(Reuters) – Louis Moore Bacon, the billionaire hedge fund manager known for his prescient macroeconomic bets over more than three decades, plans to return money from outside investors in Moore Capital Management, LP, according to a letter sent to investors on Thursday and seen by Reuters.
“Although this has not been an easy decision,” Bacon wrote, “it will allow me the space to step away for significant periods of time when my other interests abound without the ongoing weight and responsibility of looking after public investors’ capital.”
A spokesman for Moore verified that the letter was authentic but declined further comment.
The Financial Times had previously reported the development, citing unnamed sources familiar with the matter.
After returning outside capital, the New York-based firm will continue to invest on behalf of Bacon and other Moore principals, according to the letter.
Bacon, 63, acknowledged “disappointing results” for his main funds in recent years amid “challenging trading conditions” for his core strategy based on “macro” movements of currencies, interest rates and other securities globally.
He also noted that competition for talent and pressure to lower fees had “led to a challenging business model” for funds like Moore.
Still, Bacon said he was proud of his investment record: net annualised returns of 17.6% and 15% for his main Remington and Moore Global Investors funds.
Moore’s main funds have returned low single digits so far this year, according to the letter. Other global macro hedge funds have gained 5.33 percent in 2019, according to Hedge Fund Research, after low single digit returns in 2016 and 2017 and a 4% loss in 2018.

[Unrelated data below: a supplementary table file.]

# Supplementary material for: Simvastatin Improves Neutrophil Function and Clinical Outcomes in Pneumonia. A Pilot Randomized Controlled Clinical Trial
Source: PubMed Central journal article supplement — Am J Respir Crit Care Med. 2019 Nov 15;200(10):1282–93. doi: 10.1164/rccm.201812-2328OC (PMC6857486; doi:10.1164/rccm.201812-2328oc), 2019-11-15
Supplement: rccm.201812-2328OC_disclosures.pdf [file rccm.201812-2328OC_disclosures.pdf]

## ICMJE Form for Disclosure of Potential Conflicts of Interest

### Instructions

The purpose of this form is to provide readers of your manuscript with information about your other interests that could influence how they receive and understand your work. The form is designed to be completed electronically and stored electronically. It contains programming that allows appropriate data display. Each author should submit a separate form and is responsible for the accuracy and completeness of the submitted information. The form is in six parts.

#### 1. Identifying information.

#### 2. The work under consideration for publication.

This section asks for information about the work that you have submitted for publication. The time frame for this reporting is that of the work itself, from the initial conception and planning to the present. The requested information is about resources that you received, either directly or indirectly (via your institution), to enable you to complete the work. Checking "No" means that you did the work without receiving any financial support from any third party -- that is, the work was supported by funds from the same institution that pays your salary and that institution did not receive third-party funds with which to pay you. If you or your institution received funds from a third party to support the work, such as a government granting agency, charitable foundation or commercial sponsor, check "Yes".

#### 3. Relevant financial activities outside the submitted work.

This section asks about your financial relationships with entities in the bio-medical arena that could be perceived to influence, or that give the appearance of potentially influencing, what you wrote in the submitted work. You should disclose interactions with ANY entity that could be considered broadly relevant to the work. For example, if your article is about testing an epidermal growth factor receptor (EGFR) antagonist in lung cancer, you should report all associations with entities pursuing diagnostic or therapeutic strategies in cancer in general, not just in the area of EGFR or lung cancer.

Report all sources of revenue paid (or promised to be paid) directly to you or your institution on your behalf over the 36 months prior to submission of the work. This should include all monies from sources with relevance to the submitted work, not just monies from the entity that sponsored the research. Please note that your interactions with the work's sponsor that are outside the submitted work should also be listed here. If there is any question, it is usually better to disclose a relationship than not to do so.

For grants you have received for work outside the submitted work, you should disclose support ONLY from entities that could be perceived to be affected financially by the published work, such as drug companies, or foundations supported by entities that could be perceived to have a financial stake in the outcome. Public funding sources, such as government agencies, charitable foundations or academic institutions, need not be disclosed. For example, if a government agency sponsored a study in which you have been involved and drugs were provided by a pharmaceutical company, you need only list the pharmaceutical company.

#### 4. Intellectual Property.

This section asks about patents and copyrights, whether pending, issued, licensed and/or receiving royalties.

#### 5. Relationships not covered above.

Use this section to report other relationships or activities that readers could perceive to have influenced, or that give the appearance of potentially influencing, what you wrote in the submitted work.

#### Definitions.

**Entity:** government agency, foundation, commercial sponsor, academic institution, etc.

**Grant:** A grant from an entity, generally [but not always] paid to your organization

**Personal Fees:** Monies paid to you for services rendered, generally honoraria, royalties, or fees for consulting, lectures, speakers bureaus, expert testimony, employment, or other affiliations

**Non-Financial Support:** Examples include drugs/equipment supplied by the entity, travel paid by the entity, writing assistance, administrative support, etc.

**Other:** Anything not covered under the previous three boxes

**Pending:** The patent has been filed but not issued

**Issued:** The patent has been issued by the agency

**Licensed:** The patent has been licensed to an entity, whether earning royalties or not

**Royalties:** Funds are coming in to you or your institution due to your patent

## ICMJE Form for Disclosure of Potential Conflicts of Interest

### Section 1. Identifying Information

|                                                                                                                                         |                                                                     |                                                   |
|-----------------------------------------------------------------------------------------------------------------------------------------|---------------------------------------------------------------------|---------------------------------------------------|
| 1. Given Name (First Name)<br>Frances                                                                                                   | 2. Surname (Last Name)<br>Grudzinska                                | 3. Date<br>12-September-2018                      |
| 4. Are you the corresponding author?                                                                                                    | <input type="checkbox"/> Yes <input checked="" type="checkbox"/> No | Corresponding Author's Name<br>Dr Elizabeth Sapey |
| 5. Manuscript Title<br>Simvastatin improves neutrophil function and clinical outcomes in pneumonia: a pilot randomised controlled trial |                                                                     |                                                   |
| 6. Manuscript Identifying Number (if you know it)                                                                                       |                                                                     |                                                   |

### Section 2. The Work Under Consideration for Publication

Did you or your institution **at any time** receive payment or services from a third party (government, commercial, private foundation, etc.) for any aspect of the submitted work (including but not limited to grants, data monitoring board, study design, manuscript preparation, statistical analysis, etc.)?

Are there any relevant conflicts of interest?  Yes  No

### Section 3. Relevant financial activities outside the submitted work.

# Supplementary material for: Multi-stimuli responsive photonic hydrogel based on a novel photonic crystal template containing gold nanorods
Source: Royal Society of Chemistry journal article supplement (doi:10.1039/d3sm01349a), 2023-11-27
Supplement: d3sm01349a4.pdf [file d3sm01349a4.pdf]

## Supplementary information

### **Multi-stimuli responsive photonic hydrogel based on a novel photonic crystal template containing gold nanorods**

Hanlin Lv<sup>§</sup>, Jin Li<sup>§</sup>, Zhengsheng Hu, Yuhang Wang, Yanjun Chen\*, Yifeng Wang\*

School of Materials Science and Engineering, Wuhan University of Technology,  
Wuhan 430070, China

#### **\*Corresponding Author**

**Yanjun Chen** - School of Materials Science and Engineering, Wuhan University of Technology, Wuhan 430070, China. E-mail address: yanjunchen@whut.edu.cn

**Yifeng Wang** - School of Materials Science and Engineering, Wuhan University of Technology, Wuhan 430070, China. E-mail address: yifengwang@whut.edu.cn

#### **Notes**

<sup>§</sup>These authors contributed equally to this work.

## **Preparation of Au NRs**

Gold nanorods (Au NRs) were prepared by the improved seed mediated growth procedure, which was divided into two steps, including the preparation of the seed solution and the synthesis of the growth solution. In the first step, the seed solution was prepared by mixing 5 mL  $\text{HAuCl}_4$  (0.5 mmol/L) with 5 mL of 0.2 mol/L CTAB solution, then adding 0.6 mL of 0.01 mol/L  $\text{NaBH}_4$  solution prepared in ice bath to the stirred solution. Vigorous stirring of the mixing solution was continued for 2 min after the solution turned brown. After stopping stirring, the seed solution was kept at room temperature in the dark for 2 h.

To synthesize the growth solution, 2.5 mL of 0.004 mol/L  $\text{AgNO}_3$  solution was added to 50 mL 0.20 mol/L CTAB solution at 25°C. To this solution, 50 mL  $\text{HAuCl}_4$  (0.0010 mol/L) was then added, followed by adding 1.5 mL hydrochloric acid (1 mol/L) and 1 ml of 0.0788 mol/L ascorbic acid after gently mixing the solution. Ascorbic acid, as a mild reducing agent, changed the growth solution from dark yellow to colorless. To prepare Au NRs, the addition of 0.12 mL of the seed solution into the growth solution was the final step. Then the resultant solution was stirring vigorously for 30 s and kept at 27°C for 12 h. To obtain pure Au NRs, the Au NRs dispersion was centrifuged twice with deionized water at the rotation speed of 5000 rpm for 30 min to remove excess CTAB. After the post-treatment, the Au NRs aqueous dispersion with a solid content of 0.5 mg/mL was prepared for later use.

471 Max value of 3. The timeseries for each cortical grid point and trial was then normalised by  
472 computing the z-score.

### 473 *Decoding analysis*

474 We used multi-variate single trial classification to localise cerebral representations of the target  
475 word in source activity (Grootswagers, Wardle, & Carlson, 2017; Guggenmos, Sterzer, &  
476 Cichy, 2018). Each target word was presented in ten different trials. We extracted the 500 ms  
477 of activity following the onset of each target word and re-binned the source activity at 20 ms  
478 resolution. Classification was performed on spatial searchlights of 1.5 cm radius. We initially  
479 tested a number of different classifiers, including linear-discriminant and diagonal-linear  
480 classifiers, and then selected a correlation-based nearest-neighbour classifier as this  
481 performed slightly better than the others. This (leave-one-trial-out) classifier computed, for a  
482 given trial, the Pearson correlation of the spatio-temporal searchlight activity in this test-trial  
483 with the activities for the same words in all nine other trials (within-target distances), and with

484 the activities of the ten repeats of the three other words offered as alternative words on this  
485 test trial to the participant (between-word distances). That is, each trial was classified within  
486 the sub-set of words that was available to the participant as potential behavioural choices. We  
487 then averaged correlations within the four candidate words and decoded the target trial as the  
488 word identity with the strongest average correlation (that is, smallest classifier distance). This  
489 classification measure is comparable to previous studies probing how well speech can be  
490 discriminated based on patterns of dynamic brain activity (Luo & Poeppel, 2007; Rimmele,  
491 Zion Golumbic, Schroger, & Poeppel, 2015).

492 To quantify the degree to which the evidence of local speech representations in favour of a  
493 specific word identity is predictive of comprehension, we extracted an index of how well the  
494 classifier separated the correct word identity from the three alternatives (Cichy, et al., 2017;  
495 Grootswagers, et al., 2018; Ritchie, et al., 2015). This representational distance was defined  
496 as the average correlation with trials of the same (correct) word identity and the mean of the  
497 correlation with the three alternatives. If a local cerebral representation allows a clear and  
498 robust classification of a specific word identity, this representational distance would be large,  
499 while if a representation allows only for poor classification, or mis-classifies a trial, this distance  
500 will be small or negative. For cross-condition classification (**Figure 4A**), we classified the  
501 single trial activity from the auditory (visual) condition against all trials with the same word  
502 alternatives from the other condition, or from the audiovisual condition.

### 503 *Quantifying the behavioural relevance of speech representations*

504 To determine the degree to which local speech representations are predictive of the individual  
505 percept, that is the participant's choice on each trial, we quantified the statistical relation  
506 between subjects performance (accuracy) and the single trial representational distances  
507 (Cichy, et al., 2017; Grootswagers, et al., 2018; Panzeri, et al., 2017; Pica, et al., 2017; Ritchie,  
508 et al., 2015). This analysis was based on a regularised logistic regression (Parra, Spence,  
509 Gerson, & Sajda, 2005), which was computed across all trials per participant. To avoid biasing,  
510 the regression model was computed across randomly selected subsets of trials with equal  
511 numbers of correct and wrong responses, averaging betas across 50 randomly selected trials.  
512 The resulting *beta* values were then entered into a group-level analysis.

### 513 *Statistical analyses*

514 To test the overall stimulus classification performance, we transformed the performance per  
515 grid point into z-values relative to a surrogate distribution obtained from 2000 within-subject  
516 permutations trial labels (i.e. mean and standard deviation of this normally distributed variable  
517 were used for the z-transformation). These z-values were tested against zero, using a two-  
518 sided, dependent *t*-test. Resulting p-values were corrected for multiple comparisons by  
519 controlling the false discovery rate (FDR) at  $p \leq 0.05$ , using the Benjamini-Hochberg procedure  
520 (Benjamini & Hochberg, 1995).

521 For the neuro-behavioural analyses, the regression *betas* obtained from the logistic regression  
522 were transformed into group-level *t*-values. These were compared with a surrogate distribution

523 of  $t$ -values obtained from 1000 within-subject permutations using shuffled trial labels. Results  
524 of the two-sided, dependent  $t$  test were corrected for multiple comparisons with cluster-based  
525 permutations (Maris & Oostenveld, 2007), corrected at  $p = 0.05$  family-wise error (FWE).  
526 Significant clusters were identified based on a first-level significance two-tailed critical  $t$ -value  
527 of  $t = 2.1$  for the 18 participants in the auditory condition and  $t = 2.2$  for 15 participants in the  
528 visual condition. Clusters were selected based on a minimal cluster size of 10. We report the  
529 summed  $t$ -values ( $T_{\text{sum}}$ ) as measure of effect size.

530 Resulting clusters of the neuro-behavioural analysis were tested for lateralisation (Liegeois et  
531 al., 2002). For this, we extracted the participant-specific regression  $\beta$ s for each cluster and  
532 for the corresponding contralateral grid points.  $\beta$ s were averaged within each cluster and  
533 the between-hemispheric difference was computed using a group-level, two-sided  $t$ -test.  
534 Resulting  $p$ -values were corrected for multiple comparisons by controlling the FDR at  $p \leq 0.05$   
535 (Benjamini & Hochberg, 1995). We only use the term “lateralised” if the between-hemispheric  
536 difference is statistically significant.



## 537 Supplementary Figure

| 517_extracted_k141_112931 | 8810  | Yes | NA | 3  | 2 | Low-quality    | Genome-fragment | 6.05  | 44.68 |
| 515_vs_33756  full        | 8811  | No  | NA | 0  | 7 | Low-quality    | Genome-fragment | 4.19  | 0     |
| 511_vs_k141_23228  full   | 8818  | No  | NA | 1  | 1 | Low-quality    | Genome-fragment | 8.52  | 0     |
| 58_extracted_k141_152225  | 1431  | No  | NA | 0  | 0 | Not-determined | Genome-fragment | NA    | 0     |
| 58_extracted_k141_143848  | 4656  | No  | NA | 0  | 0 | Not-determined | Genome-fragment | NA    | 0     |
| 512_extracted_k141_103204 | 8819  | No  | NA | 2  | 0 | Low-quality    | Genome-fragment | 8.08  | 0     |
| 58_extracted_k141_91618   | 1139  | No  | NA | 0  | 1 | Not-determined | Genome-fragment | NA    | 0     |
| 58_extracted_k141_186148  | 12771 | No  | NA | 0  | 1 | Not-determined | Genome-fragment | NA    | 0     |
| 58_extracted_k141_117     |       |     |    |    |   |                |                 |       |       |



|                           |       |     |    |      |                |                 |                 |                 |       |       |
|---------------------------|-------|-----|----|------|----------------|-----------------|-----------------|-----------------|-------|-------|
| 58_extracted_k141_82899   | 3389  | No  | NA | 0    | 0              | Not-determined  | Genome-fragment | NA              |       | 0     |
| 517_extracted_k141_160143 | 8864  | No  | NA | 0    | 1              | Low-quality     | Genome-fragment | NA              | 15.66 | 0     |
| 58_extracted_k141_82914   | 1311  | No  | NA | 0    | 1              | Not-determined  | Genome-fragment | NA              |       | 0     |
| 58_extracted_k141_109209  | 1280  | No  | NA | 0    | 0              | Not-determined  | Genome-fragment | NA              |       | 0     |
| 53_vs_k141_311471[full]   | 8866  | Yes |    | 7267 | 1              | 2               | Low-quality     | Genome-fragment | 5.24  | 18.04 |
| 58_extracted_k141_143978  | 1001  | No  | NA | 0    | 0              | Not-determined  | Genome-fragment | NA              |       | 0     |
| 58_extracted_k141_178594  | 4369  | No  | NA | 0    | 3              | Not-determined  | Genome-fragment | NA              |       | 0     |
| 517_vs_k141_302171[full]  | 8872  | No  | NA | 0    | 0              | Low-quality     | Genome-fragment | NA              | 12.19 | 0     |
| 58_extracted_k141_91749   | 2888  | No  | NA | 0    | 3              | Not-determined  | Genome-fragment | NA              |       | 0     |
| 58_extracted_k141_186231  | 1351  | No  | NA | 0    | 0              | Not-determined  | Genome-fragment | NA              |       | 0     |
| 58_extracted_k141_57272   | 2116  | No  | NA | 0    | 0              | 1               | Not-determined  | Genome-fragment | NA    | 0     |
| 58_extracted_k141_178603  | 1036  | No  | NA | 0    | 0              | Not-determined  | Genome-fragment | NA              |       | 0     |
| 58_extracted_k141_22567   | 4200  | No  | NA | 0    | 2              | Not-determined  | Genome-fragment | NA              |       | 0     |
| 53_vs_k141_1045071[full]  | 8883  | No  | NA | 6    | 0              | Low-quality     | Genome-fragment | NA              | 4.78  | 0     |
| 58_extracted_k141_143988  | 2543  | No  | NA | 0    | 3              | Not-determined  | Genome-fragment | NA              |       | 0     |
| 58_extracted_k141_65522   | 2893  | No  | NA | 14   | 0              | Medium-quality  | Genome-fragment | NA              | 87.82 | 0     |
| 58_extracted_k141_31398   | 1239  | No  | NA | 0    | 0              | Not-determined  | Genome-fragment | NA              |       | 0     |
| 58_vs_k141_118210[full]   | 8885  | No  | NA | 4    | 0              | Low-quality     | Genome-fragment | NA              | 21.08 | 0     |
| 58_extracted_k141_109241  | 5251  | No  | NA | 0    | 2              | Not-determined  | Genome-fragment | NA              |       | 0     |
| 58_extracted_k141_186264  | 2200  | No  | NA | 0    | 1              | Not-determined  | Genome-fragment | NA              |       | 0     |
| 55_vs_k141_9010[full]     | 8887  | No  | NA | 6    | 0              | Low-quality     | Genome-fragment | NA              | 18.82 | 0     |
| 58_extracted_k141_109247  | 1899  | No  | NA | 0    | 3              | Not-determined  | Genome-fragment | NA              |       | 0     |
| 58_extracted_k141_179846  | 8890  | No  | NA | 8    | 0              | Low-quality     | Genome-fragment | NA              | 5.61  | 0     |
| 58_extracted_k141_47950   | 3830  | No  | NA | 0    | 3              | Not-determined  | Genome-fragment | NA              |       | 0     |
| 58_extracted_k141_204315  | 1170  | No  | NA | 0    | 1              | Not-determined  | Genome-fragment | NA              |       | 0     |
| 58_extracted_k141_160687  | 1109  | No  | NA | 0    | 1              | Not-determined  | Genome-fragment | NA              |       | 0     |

Moore managed $8.9 billion as of Dec. 31, according to a regulatory filing. Bacon wrote that the funds he was returning capital from will have cumulatively paid out around $19 billion to investors.
Bacon, who founded Moore in 1989, has long been considered a legend among macro traders along with Stanley Druckenmiller and George Soros. Also billionaires, they too decided to stop managing money for outside investors a few years ago.
Druckenmiller, who famously helped Soros earn $1 billion by betting against the British pound, shuttered his fund in 2010 one year before Soros made the same decision.
“This privatisation,” Bacon wrote in the letter, “will allow me more personal time for a large family, philanthropic pursuits and to continue to develop a number of sports oriented properties—all with the flexibility to ‘stay in the picture’ or not as things develop.”
Reporting by Lawrence Delevingne and Svea Herbst in New York and Muvija M in Bengaluru; Editing by Rashmi Aich and David Gregorio